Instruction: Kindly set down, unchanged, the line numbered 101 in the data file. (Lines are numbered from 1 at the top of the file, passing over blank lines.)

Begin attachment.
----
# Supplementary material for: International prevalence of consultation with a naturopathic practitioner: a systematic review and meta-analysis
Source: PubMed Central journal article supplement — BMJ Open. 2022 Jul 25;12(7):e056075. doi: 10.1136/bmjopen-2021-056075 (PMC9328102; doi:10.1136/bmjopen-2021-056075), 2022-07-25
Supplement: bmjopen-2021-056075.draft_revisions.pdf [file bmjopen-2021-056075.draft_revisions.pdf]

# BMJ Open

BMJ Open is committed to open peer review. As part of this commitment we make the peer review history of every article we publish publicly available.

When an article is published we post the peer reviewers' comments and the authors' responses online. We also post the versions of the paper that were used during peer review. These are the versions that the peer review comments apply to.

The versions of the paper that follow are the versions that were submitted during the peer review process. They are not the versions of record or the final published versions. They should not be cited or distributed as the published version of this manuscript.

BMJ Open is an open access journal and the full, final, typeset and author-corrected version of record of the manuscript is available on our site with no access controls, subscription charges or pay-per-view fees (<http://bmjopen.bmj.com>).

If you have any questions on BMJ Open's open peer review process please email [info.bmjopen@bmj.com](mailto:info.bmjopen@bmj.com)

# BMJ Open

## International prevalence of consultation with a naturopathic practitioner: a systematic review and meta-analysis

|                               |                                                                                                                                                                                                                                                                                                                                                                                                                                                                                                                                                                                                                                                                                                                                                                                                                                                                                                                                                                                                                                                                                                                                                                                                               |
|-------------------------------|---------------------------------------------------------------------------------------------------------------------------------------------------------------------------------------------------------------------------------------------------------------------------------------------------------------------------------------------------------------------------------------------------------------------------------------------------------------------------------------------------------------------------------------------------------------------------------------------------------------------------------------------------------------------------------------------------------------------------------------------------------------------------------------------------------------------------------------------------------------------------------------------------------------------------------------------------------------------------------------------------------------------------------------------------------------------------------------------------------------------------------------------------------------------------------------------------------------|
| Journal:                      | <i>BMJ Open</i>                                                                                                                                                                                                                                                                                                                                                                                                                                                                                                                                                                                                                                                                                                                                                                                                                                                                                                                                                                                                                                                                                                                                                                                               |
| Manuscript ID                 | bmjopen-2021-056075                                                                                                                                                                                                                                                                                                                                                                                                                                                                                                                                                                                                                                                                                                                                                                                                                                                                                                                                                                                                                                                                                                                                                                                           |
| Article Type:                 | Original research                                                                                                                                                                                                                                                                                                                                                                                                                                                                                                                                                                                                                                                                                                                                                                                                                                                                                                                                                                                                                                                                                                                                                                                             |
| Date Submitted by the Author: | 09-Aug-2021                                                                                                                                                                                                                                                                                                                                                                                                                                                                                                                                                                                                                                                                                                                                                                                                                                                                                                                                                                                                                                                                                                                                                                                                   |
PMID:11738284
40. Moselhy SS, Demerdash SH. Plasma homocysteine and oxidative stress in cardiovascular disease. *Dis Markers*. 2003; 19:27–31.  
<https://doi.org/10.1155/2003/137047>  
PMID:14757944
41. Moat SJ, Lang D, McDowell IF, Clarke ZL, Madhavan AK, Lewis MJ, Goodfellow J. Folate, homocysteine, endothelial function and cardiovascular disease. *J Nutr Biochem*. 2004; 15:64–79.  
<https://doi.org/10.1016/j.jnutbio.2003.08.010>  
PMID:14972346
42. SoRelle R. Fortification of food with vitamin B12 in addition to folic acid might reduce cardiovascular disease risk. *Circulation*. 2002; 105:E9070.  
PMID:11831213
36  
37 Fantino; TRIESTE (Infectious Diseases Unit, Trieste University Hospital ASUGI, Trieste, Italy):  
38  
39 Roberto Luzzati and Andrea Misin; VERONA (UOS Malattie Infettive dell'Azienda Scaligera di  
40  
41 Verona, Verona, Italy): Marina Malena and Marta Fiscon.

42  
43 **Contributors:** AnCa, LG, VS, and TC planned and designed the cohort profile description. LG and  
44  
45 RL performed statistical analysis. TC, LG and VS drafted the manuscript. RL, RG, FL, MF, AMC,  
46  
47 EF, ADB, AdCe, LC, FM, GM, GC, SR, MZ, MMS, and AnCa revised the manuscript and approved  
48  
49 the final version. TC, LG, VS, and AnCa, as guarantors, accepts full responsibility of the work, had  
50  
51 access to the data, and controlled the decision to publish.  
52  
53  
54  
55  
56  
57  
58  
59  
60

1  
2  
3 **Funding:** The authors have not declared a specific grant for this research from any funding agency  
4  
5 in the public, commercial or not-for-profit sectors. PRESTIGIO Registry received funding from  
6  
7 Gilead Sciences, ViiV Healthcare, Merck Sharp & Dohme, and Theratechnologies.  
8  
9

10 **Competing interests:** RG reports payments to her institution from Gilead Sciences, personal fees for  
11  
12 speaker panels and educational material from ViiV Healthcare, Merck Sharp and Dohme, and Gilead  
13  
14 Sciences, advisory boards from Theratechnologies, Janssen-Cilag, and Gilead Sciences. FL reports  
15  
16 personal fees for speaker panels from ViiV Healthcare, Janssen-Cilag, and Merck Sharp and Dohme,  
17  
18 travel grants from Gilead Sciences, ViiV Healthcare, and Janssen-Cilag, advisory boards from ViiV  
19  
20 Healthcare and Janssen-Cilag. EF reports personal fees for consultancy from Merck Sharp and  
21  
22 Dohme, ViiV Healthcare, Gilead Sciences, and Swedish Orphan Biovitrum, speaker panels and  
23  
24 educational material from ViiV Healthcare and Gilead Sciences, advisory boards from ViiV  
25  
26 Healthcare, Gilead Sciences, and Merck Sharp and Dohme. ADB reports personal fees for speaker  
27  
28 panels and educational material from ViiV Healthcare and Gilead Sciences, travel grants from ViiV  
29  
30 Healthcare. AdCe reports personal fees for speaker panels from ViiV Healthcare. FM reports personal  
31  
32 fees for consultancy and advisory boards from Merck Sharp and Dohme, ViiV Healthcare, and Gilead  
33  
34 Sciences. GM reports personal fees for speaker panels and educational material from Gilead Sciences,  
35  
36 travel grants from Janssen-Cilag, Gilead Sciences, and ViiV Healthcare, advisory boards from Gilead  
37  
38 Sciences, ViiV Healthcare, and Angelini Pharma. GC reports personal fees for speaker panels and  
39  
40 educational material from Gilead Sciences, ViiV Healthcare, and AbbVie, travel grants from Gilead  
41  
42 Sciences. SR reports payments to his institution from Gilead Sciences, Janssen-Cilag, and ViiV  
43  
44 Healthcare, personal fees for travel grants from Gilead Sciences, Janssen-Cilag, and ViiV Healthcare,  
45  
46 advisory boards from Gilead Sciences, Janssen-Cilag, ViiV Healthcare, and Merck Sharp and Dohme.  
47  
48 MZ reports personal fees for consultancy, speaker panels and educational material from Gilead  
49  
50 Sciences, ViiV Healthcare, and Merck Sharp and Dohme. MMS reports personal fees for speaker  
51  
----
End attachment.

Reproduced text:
50 Sciences, ViiV Healthcare, and Merck Sharp and Dohme. MMS reports personal fees for speaker  